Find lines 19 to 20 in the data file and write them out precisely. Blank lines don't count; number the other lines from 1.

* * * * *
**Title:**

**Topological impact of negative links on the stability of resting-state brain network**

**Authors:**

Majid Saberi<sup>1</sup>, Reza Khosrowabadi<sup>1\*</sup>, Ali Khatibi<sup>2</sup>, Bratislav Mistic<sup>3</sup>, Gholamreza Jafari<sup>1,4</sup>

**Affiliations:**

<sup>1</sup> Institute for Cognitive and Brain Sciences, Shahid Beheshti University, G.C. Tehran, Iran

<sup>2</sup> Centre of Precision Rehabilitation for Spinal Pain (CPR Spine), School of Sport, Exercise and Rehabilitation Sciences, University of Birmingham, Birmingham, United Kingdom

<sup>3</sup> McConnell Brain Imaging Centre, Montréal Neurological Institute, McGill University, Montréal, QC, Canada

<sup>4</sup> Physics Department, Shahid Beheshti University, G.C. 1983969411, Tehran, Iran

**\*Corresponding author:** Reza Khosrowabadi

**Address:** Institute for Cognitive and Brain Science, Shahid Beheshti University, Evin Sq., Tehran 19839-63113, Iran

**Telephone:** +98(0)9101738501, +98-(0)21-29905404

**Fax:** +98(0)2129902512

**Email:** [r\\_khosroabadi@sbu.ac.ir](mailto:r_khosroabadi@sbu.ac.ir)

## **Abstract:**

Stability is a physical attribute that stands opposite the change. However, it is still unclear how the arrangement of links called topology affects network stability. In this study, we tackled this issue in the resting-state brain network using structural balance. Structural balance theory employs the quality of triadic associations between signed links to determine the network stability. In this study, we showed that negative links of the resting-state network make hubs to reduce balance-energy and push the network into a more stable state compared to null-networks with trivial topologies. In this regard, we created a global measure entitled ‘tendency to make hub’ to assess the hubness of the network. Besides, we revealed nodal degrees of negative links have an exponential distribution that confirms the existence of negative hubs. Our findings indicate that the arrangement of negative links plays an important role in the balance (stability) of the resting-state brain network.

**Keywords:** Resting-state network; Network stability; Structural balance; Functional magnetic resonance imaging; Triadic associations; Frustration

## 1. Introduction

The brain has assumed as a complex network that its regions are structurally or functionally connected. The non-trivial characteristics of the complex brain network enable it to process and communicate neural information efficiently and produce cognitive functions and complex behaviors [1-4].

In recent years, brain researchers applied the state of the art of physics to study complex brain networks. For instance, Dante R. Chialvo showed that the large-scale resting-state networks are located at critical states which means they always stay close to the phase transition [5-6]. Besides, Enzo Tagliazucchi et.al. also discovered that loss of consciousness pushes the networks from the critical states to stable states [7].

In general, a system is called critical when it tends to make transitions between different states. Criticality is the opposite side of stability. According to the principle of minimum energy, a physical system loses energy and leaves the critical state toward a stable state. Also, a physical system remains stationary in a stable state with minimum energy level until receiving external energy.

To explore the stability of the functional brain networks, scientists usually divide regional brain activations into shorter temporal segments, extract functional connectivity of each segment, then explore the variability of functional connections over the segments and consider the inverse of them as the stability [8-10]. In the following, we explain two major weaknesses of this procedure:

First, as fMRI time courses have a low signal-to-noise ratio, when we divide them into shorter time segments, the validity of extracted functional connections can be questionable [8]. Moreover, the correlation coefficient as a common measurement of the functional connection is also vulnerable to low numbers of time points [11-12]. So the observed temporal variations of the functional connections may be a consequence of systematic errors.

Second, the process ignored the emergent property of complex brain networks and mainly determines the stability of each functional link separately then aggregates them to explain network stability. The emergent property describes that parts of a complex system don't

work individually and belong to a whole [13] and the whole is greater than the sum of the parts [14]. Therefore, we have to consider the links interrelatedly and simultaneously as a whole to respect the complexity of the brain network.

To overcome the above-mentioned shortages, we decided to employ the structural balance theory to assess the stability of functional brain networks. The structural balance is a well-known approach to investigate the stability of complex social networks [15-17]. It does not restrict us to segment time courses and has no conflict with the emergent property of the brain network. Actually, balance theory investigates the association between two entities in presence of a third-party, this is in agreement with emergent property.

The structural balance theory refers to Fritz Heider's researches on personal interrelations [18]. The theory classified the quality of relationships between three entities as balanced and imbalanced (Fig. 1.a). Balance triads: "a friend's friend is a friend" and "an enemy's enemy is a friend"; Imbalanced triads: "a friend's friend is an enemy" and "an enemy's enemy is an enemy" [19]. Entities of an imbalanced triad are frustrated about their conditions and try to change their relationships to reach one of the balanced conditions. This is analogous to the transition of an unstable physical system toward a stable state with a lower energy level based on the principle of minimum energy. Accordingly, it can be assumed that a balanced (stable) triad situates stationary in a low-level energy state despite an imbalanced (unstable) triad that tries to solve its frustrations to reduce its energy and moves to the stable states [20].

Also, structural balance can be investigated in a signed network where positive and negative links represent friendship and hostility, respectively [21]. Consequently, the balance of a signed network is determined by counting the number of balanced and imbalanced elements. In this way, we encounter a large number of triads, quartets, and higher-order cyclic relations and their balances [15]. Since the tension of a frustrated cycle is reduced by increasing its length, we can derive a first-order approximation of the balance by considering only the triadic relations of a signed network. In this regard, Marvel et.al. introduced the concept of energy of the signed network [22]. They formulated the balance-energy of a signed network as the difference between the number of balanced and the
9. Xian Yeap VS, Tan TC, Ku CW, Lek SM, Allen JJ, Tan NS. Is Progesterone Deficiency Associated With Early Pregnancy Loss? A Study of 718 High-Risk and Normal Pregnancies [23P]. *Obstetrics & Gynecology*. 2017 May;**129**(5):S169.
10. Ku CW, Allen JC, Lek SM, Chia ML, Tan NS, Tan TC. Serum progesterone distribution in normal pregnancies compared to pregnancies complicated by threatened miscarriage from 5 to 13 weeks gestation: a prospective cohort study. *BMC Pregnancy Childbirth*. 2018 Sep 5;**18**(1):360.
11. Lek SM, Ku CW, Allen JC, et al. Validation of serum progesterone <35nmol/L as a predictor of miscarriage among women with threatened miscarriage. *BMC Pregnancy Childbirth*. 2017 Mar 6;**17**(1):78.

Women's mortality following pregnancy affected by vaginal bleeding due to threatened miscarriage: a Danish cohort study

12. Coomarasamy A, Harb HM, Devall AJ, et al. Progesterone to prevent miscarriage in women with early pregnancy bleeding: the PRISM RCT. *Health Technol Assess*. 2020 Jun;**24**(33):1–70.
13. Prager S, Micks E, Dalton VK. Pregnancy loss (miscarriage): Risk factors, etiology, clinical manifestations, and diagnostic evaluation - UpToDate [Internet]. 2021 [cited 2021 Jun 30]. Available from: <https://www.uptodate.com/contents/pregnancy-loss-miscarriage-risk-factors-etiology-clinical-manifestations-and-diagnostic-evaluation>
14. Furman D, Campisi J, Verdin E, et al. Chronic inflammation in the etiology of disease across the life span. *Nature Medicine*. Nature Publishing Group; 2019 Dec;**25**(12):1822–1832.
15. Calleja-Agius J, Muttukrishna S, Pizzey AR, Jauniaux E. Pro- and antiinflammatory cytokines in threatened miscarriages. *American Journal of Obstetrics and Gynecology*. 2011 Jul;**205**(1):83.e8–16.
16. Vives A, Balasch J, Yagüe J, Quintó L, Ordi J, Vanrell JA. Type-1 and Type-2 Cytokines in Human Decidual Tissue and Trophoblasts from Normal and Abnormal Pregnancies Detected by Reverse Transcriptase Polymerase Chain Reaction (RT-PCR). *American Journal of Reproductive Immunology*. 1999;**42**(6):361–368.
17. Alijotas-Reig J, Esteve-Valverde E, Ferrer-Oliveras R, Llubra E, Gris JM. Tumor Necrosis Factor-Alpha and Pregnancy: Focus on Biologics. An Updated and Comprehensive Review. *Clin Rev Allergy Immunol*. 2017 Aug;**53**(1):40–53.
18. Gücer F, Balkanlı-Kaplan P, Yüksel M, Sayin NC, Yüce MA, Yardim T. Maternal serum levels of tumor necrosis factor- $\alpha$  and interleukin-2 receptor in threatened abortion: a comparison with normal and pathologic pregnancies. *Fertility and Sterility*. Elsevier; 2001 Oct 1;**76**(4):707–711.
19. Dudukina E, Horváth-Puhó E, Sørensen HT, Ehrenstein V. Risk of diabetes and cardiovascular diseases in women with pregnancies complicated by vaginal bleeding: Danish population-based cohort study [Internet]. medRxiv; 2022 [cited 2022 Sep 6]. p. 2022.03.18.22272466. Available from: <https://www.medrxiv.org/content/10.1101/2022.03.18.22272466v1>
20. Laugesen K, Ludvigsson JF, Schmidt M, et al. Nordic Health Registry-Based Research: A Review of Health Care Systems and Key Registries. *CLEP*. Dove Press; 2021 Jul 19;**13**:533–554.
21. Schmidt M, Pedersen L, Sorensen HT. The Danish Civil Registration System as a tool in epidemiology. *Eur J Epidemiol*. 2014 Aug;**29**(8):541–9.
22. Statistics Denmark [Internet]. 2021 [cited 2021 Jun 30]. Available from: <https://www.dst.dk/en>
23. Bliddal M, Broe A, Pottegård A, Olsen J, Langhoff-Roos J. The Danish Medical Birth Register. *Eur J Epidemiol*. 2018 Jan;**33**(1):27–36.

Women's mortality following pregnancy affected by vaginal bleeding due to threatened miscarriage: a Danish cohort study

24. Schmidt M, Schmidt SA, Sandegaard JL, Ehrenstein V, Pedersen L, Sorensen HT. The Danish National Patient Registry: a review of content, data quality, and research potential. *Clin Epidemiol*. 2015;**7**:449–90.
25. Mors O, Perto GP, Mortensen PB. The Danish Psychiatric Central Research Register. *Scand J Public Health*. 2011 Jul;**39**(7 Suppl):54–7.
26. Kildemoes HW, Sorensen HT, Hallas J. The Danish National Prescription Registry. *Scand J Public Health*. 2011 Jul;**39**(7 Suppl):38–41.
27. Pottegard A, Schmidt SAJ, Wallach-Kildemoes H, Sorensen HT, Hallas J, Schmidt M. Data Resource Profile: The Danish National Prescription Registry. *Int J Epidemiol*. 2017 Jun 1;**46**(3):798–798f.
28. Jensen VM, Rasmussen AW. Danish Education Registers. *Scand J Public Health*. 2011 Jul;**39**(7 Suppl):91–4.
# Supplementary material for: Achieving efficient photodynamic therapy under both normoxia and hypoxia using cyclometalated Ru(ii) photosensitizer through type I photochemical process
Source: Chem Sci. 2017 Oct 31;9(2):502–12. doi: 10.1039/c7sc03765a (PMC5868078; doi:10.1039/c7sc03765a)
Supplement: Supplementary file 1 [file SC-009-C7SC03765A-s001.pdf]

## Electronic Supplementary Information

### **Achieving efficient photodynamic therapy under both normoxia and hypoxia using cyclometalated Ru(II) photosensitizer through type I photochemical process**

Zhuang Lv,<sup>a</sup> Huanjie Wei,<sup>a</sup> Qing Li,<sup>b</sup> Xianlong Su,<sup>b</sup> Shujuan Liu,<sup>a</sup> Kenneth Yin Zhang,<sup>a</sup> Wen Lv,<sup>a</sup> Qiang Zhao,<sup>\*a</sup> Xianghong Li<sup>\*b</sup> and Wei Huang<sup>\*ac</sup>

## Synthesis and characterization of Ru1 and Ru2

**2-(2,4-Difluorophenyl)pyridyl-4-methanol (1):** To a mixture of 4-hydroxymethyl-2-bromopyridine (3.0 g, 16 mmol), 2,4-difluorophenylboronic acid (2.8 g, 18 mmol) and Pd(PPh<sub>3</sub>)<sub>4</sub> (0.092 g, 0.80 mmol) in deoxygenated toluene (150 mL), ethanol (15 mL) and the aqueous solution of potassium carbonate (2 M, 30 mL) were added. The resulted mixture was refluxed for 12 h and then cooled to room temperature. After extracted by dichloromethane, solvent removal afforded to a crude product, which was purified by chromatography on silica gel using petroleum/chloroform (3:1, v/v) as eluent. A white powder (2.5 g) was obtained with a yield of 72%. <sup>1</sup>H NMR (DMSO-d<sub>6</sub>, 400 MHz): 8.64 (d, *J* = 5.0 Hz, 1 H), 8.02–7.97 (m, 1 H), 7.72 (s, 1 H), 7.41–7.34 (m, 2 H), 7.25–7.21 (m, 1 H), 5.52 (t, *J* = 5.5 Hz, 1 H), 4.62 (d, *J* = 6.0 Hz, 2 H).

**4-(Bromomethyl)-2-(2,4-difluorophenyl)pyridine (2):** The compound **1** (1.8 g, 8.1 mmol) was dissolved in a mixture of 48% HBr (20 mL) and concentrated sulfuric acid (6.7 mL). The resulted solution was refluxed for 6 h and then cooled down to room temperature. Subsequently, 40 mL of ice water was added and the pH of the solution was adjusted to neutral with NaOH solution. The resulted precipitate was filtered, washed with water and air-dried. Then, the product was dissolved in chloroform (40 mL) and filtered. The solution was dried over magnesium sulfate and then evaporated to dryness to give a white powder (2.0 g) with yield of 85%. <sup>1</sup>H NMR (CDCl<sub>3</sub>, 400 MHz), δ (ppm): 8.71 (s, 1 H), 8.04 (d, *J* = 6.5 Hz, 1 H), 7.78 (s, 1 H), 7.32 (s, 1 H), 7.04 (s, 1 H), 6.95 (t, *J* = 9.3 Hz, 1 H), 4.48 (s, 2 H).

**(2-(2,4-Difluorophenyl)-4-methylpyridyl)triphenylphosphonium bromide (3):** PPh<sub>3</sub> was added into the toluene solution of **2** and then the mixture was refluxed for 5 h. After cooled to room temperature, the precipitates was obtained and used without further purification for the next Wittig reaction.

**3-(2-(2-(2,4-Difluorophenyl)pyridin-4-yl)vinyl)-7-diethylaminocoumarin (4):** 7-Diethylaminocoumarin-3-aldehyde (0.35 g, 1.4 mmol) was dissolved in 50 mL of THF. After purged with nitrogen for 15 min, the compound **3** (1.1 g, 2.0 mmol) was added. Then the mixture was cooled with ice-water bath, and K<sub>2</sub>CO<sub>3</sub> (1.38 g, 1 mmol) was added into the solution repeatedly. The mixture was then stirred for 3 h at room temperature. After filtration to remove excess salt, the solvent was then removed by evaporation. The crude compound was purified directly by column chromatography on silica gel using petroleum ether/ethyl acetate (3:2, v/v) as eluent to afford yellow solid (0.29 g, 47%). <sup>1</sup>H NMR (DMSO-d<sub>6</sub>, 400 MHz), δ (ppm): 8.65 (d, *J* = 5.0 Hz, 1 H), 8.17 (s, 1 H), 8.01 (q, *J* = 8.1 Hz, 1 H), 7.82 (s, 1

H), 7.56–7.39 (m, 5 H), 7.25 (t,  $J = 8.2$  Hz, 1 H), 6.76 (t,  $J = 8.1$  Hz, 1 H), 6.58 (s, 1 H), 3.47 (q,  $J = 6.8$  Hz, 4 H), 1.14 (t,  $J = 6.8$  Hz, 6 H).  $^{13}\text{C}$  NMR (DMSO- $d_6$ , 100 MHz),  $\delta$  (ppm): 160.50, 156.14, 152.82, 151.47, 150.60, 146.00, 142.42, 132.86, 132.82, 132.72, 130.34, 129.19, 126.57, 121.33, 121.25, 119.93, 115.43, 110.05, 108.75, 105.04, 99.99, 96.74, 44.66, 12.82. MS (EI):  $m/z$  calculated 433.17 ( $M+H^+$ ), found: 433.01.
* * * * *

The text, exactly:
The brain has assumed as a complex network that its regions are structurally or functionally connected. The non-trivial characteristics of the complex brain network enable it to process and communicate neural information efficiently and produce cognitive functions and complex behaviors [1-4].

In recent years, brain researchers applied the state of the art of physics to study complex brain networks. For instance, Dante R. Chialvo showed that the large-scale resting-state networks are located at critical states which means they always stay close to the phase transition [5-6]. Besides, Enzo Tagliazucchi et.al. also discovered that loss of consciousness pushes the networks from the critical states to stable states [7].